The data will help us deliver services better.

So come to think of it, it’s the customer who wins in the end on all counts.

That’s got to be a good thing.

“A long time ago, in a galaxy far, far away…”

OK. This is not Star Wars. It wasn’t that long ago, and it wasn’t very far away.

But when local authorities were first set up in the UK, you could argue they were set up to manage and deliver a set of individual services.

Planning. Social services. Fixing roads. Removing rubbish. Providing schools. And so on.

So the structure and mechanisms of local authorities grew around this service provision.

But the world has turned since then, and with it, the expectations of our customers.

So we’re moving away from this approach at Wrexham Council.

We’re changing the way we do things – our ‘operating model’ – and thus our thinking, structures and processes.

people and place

Instead of building our structures and processes around service provision, we’re building our new ways of working around the people and place we serve.

old vs new

In other words, we’re moving to a model that takes our customers and our county borough as its starting point. Not our services.

Of course, changing the operating model of a big organisation is easy on paper – difficult in practice. Particularly in the public sector.

So we’ve developed some ‘shape principles’ to guide us.

shape principles

  • Wherever possible, resolve customer enquiries at the first point of contact.
  • Allow services to focus on quality provision.
  • Minimise transactions (but not income).
  • Reduce performance and regulatory functions in proportion with the rest of the organisation.

Developing how we work around these principles is helping us shift the focus of our thinking to people and place, instead of services.

empowering customers

There’s a lot of talk about empowering customers these days – giving them tools and support so they can do more for themselves.

Some organisations have been doing it for years. And doing it really well.

Take the software provider Adobe.

The company has developed a powerful online community where customers with expertise are encouraged to share their knowledge with others – help them get the best from Adobe products, trouble-shoot problems and so on.

Essentially, they’ve created a platform that links customers together so they can do more for themselves.

If we’re changing the way we do things at Wrexham Council, we need to take our customers with us.

We need to give them the tools and linkages they need to contribute to services and facilities in their communities. So they can deliver, support, create, share and lead for themselves.

We’ve given this customer-empowerment initiative a name – Together in Wrexham – and I’ll be writing about this in more depth in the next few weeks.

evolution, not revolution

Reframing the relationship between a local authority and its citizens is not a sprint. It’s a marathon…with hills and bumps along the way.

The direction is clear. We’re moving away from focusing on a set of services to focusing on the people and place we serve.

But it won’t happen by itself, and embedding our shape principles in everything we do will be crucial if we’re going to succeed.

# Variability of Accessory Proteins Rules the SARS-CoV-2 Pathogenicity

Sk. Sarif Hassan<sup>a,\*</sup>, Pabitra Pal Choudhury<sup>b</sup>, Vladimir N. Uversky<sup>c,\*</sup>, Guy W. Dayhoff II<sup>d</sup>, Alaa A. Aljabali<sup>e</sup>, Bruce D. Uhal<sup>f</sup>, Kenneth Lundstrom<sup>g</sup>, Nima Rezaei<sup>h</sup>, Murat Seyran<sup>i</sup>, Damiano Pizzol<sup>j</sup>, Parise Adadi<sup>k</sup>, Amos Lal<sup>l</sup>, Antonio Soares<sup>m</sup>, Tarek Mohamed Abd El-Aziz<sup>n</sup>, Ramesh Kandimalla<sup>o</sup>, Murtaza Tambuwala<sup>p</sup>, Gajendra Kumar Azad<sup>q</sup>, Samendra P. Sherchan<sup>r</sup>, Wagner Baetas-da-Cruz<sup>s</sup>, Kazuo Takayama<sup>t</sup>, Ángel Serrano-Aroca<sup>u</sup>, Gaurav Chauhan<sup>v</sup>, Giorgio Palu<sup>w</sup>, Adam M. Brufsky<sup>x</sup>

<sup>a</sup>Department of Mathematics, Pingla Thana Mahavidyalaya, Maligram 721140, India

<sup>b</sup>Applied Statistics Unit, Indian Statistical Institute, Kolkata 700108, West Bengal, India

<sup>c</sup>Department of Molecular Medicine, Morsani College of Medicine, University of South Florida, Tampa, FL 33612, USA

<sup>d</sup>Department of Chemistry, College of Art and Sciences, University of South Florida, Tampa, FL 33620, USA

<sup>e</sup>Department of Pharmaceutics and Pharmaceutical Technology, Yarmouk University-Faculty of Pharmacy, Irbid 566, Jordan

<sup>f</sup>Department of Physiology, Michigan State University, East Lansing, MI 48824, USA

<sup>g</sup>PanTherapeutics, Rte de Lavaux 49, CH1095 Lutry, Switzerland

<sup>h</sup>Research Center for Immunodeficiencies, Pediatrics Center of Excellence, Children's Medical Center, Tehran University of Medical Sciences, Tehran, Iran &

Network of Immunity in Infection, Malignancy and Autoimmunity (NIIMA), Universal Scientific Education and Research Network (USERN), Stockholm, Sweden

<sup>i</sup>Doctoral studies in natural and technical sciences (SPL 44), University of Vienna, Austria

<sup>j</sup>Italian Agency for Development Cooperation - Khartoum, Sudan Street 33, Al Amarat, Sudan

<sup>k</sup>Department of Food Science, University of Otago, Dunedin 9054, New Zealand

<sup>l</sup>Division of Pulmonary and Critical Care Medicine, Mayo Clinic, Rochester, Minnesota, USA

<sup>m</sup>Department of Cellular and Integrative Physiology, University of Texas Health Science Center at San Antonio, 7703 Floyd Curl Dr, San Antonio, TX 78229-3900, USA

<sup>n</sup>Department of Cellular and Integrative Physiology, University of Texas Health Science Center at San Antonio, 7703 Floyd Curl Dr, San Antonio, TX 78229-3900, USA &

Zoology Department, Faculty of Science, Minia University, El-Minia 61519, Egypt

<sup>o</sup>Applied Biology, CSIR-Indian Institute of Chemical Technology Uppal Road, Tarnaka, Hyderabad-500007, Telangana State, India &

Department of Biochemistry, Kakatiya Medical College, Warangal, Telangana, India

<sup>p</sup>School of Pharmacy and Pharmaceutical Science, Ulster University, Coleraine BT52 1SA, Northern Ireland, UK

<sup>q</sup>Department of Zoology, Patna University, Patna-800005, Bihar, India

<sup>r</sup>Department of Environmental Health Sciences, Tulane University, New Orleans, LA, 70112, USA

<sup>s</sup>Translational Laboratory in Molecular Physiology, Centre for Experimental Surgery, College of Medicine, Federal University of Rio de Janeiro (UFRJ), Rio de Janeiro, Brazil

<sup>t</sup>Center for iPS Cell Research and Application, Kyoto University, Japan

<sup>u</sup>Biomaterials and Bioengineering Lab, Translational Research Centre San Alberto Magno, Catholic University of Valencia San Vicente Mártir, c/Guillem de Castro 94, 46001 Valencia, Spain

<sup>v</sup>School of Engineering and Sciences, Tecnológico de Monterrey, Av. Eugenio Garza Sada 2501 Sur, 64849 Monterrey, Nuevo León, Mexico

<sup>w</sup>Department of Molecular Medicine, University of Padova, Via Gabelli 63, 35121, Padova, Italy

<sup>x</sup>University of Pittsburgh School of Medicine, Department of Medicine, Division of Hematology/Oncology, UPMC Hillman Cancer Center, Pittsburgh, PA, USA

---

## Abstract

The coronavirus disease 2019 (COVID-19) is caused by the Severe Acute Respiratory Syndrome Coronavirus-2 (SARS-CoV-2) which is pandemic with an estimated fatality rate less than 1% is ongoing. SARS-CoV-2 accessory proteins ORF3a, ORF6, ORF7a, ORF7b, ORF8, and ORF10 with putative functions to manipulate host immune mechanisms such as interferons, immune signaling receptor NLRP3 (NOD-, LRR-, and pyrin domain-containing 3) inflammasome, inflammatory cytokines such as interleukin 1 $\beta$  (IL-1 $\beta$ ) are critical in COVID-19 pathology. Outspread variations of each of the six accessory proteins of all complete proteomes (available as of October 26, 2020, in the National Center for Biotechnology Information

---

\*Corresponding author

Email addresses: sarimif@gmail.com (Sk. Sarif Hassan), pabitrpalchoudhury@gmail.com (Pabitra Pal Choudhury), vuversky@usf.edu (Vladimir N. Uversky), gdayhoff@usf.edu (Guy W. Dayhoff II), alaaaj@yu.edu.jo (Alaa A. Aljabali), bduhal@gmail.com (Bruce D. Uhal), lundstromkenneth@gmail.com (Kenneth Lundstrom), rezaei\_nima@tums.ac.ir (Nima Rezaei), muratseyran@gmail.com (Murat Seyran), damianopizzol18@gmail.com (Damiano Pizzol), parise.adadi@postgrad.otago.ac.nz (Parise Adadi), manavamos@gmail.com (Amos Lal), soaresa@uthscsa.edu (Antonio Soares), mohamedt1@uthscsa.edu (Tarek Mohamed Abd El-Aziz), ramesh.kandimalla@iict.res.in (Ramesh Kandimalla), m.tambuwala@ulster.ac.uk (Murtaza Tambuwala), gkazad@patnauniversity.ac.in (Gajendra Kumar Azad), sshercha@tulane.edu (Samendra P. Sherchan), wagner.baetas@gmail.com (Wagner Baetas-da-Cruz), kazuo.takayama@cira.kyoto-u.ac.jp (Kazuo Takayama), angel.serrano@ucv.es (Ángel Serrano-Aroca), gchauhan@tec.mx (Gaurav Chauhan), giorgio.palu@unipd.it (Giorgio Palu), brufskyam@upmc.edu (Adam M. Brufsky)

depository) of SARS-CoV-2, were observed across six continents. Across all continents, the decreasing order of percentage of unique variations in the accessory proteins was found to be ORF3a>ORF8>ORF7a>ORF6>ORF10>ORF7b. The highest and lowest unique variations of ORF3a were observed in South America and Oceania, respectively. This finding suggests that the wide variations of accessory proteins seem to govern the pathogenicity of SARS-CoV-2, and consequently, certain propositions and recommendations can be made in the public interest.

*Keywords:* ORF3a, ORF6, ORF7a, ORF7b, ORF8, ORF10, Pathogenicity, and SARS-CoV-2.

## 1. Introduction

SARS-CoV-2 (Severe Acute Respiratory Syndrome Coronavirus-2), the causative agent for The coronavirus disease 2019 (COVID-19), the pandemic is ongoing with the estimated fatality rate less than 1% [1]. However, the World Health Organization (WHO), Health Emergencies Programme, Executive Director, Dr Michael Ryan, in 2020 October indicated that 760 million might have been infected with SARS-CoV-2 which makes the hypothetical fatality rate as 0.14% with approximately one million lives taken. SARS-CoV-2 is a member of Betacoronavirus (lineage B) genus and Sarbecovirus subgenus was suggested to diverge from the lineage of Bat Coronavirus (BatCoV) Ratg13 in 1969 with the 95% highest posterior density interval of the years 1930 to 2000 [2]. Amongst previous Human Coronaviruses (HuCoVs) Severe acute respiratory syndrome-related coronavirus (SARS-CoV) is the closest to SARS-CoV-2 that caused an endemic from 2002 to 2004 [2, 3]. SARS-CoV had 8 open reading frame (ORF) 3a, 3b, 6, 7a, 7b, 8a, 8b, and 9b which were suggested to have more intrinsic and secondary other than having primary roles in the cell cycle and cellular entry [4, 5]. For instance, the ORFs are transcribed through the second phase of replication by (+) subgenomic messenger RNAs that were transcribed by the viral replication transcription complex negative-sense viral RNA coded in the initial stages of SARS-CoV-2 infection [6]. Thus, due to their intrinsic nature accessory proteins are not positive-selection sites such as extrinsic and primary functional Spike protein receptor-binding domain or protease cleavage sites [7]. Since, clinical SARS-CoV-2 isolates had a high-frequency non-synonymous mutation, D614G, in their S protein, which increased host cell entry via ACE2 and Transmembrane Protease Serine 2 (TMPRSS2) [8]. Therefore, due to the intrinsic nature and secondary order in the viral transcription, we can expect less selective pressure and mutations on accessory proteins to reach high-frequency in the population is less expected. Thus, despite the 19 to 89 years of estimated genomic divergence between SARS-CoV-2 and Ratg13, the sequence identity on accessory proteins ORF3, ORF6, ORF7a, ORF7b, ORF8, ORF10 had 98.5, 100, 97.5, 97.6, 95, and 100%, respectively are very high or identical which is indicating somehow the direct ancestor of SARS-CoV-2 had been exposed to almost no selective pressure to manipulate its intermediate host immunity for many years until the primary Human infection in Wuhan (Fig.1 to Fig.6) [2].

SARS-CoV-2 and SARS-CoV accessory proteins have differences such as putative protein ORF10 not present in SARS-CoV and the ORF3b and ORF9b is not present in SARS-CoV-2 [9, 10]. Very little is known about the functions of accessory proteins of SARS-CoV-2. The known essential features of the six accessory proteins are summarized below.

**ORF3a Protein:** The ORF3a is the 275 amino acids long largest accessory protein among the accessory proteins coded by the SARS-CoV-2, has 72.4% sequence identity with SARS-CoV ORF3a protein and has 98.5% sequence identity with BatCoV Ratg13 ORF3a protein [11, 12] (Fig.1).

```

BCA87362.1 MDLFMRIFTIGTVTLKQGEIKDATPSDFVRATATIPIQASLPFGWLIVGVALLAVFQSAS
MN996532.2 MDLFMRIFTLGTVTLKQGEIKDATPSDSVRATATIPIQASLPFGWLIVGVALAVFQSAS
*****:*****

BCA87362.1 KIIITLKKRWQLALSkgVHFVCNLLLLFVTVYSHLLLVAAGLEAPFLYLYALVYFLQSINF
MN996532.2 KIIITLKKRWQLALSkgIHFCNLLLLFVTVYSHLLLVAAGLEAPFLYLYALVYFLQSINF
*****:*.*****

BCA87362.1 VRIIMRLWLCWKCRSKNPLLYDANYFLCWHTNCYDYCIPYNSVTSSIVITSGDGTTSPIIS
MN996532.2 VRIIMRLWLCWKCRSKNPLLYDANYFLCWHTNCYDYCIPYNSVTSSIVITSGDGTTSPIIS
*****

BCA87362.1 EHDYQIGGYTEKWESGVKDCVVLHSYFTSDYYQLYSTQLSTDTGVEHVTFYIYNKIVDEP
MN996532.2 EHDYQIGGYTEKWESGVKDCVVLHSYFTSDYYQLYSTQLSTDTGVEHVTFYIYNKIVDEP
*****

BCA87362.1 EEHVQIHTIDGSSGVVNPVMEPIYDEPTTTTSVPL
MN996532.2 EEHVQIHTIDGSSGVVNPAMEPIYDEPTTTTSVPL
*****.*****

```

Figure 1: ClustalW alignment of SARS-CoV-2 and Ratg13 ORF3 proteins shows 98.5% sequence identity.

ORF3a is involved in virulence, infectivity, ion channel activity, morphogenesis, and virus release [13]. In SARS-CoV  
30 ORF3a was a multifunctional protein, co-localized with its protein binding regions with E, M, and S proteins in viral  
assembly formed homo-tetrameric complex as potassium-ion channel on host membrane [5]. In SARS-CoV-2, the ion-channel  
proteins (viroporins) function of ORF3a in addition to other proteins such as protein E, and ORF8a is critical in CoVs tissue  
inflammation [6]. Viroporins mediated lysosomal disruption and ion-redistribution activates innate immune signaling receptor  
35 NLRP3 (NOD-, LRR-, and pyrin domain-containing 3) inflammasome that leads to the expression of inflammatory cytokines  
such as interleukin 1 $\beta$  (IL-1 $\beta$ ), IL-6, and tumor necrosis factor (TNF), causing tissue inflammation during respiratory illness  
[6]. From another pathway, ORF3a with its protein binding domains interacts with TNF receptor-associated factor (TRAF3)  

In the past decade, technology has fuelled human creativity in incredible ways.

We can all capture film footage. Or take a photo and apply filters to it. Write a song and upload it to the internet. Or write a blog like this.

And we can share these things with friends and strangers all over the world.

Web-based technology has brought previously exclusive creative pursuits to the masses. And it’s pretty amazing.

But every now and then, I’m reminded of the satisfaction that comes from more ‘analogue’ forms of creativity.

Things that we think of as quaint or old-fashioned sometimes. Like knitting.

Yes. Knitting. You heard me right.

I learnt this skill from my grandma when I was little. And I still really enjoy it.

It’s therapeutic and offers a different kind of satisfaction to blogging, digital photography and so on.

And it’s still useful too.

I recently started knitting poppies to sell in the run-up to Remembrance Day this November. I get satisfaction from knitting them, and the Poppy Appeal gets the proceeds.


Knitted poppies for the Poppy Appeal.

I’ll knit as many as I can, and share the pattern and encourage others at Wrexham Council to knit them too.

In fact, one colleague from Wrexham Waterwold (our leisure centre) has promised to learn to knit so he can make one. And if he does, his colleague says she’ll give £10 to the appeal.

I’ll hold them to that.

I’m also busy knitting banana socks (don’t ask), making jam…and I’ll soon be tackling the vegetable plot in the garden again.

Home-made jam.

But the only point I’m really trying to make is that crafting and growing things by hand is still great fun.

And a welcome break from our wonderful but all-consuming super-connected world.

(ps – If you’d like me to send you the knitting pattern for the poppies, drop me a line. The more we make and sell, the more we raise for a brilliant cause!)

It’s that time of the year.

The internet is jammed with articles about what happened over the past 12 months. And predictions about what’s going to happen over the next 12 months.

And I’m about to contribute to the congestion, so apologies in advance.